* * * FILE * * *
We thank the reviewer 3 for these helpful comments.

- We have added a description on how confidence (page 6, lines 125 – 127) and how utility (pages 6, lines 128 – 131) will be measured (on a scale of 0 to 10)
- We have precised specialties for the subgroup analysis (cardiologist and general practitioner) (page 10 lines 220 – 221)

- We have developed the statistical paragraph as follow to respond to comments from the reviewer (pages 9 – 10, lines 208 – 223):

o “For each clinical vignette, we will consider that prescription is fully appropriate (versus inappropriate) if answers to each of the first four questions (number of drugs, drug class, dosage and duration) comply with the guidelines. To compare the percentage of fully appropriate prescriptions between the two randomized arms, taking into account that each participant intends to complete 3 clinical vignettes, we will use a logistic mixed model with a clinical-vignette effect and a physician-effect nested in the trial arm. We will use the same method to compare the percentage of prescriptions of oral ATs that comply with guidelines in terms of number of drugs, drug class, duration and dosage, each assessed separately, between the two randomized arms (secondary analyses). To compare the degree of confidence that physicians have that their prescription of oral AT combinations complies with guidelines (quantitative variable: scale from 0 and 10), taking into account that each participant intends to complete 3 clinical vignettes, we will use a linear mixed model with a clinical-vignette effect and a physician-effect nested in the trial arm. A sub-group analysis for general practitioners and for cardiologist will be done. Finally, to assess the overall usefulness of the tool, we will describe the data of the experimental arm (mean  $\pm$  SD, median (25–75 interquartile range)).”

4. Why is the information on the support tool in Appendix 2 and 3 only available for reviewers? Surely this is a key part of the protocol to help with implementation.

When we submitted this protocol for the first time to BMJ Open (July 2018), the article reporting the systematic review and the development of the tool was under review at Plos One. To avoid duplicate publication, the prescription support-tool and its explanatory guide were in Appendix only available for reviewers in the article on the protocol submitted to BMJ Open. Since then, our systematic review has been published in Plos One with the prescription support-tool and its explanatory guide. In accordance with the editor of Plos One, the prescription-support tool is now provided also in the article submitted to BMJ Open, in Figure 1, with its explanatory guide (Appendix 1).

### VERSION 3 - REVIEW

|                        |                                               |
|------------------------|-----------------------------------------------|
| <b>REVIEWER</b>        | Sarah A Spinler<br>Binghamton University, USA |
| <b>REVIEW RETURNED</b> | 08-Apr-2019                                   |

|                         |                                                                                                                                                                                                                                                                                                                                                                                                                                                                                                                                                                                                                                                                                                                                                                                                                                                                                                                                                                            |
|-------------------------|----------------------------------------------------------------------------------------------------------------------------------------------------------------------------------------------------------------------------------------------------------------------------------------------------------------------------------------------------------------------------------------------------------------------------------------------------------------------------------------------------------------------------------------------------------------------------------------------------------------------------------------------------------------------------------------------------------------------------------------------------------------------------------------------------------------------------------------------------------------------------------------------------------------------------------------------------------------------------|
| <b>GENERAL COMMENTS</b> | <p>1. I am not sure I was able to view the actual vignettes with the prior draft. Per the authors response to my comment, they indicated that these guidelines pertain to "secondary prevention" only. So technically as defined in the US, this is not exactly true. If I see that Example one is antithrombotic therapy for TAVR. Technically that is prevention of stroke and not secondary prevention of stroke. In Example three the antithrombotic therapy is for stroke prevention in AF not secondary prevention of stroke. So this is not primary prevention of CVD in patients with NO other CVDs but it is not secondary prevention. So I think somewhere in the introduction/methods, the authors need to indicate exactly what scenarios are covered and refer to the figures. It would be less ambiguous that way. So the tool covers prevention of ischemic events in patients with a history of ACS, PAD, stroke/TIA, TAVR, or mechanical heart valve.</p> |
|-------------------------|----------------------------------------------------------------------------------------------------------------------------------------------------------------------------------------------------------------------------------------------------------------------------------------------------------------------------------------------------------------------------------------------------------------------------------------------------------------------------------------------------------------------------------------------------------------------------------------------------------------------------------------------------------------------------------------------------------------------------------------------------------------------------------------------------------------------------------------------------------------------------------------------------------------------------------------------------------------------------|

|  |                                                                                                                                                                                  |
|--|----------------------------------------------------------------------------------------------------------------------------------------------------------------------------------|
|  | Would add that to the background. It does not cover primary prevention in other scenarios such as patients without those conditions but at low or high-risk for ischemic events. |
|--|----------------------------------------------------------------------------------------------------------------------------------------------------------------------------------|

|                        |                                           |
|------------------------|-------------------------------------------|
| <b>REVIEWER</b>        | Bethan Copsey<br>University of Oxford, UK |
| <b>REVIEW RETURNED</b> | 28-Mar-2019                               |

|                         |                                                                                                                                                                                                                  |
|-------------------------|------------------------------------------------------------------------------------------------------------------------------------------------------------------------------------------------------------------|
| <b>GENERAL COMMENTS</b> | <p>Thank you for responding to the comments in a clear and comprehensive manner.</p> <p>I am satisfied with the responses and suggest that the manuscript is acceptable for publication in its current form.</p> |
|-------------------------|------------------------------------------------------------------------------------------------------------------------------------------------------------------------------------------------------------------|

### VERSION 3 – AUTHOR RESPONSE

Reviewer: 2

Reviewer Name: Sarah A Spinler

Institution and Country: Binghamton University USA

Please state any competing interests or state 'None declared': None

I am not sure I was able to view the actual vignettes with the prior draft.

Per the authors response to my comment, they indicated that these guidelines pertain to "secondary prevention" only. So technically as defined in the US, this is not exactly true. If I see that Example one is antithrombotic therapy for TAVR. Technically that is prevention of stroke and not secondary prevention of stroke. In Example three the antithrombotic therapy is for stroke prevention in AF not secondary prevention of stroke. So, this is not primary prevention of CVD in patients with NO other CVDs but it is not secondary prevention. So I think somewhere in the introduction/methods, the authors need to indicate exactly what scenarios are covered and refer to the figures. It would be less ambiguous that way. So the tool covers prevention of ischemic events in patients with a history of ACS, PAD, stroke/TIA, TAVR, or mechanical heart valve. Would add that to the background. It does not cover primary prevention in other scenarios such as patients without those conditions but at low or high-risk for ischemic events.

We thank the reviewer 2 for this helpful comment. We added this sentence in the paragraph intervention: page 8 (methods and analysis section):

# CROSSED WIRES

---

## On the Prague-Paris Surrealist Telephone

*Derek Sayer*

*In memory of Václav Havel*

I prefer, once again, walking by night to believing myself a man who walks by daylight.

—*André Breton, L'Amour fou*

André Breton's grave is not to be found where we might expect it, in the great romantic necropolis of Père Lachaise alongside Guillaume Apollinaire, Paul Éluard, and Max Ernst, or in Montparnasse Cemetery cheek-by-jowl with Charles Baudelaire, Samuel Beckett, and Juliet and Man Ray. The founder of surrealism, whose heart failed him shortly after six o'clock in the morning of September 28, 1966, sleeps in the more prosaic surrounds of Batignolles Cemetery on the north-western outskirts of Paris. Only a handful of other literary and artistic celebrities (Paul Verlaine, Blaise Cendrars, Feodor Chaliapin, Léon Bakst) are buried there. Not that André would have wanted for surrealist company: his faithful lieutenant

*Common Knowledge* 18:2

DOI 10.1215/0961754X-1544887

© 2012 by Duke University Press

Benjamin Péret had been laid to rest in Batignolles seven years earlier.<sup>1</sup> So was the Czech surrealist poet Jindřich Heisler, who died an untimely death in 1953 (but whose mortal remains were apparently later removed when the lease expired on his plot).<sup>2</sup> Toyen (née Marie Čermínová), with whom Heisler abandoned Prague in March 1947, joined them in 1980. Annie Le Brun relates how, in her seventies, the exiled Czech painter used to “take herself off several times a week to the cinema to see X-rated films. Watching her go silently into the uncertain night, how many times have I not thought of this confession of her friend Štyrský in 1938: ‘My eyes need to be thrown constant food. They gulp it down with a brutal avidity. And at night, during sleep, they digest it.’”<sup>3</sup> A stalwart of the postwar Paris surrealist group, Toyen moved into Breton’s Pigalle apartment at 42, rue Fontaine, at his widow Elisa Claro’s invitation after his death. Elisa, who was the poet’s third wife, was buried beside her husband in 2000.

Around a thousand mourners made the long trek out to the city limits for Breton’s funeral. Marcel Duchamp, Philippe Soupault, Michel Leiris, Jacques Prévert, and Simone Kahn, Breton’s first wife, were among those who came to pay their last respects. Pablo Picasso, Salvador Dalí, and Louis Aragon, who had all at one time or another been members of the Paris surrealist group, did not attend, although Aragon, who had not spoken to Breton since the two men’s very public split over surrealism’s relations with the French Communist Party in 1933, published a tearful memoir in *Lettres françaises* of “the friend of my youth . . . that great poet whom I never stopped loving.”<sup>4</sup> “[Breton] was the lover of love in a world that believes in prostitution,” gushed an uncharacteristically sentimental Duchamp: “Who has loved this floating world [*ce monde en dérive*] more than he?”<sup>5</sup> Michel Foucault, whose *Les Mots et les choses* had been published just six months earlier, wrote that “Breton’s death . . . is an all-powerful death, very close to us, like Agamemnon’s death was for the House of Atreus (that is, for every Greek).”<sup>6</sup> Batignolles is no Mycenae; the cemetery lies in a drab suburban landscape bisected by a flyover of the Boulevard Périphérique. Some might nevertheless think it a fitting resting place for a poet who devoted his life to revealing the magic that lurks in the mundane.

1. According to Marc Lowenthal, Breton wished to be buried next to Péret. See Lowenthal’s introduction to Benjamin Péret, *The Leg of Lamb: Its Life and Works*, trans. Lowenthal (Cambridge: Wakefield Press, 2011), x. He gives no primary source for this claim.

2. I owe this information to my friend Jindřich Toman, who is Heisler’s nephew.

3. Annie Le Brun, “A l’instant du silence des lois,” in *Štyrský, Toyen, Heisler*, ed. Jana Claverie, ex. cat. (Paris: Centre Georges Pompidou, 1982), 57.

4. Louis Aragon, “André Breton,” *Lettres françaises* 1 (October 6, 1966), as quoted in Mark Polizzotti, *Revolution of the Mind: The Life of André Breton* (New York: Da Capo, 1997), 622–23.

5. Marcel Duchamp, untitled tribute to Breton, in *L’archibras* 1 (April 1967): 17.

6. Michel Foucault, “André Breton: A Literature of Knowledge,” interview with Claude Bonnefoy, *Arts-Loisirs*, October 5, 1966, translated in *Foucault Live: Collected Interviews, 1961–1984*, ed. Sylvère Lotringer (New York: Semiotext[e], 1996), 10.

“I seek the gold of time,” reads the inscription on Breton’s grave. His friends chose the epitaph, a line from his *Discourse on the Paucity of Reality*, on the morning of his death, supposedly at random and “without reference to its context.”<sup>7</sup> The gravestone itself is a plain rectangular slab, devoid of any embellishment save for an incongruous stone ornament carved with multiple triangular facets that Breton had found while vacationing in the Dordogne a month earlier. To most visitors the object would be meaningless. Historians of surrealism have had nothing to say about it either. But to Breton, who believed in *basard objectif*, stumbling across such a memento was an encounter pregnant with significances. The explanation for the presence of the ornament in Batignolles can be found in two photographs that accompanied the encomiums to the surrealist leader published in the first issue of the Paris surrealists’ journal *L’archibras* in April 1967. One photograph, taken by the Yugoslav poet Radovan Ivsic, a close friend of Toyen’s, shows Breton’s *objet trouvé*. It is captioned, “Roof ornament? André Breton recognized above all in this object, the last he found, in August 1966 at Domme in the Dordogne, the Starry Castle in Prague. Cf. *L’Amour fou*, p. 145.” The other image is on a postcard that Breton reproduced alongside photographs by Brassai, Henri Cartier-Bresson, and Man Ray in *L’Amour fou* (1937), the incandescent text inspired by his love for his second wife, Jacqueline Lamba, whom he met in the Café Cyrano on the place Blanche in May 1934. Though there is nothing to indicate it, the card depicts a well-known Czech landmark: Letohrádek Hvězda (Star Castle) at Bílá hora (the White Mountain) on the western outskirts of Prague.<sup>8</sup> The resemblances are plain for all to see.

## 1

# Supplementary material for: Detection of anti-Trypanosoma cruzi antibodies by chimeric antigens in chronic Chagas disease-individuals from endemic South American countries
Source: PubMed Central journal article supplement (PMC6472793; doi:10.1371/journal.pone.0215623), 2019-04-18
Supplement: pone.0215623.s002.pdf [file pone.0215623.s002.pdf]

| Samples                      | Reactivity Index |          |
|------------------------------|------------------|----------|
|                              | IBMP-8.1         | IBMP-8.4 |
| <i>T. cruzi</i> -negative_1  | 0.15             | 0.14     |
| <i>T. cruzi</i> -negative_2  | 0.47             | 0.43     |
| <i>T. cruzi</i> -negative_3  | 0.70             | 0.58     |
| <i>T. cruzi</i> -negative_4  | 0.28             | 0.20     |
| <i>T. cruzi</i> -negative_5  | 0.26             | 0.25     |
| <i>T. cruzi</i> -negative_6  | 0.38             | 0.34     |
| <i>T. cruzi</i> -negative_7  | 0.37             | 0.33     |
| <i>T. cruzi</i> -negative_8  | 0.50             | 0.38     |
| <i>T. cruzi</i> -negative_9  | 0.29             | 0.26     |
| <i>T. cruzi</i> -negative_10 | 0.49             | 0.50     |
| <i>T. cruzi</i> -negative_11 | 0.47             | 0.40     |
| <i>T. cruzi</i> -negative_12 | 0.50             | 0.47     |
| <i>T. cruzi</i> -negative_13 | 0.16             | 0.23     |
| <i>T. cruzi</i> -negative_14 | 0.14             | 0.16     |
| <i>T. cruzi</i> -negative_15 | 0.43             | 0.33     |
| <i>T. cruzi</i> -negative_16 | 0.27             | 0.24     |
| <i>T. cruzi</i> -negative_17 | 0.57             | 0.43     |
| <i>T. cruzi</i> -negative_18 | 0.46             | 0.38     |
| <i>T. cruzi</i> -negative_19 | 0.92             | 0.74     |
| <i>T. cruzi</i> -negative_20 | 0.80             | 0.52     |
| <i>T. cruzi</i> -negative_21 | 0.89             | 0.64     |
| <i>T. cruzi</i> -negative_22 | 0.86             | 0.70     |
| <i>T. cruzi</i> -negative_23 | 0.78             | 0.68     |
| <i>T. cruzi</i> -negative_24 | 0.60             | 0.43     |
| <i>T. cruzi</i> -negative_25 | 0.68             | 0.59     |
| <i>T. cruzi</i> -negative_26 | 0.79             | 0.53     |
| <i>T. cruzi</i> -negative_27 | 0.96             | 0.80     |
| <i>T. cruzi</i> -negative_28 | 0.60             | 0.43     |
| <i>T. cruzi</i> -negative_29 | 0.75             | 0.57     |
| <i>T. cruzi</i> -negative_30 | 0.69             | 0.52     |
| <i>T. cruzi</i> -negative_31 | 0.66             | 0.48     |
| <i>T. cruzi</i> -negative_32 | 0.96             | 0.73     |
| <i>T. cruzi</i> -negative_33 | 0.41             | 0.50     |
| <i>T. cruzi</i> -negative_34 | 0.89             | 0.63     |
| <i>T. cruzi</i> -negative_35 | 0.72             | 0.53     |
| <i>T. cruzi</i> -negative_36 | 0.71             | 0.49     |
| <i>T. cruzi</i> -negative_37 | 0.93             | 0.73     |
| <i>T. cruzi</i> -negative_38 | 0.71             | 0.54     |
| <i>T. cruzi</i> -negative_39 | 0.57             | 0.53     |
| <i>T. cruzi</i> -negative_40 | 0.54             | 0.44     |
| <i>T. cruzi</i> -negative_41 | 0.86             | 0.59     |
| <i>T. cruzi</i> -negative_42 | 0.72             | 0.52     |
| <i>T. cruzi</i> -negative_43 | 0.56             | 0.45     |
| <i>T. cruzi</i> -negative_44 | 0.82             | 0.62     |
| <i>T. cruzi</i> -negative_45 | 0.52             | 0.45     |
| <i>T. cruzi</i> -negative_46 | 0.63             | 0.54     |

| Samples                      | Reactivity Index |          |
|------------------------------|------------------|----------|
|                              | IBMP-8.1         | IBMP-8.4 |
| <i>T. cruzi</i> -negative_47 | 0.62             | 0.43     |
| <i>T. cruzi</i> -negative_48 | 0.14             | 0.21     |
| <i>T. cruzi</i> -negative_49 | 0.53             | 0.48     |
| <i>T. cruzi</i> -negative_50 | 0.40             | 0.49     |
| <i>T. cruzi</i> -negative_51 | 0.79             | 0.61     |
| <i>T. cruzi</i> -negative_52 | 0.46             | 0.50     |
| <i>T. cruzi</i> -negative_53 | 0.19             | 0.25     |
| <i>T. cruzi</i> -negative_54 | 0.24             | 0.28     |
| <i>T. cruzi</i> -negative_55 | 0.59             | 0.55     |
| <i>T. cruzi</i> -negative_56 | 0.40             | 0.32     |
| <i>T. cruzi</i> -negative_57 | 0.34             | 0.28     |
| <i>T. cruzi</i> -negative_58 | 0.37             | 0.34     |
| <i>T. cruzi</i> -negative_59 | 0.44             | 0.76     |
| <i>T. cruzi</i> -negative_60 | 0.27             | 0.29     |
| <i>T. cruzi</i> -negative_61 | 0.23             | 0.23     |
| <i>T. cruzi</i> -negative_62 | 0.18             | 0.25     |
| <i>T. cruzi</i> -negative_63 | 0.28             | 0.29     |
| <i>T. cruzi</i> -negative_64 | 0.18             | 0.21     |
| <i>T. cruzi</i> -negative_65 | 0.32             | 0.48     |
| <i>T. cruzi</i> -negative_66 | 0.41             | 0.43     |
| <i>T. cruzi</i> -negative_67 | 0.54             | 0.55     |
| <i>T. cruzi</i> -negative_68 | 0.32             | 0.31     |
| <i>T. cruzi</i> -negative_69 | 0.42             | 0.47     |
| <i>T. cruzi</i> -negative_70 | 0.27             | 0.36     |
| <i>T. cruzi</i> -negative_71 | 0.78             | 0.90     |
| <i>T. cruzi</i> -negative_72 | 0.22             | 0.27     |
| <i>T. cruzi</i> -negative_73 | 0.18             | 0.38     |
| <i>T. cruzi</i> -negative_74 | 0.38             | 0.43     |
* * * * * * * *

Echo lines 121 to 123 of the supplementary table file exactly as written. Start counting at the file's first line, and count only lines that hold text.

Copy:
| <i>T. cruzi</i> -negative_55 | 0.59             | 0.55     |
| <i>T. cruzi</i> -negative_56 | 0.40             | 0.32     |
| <i>T. cruzi</i> -negative_57 | 0.34             | 0.28     |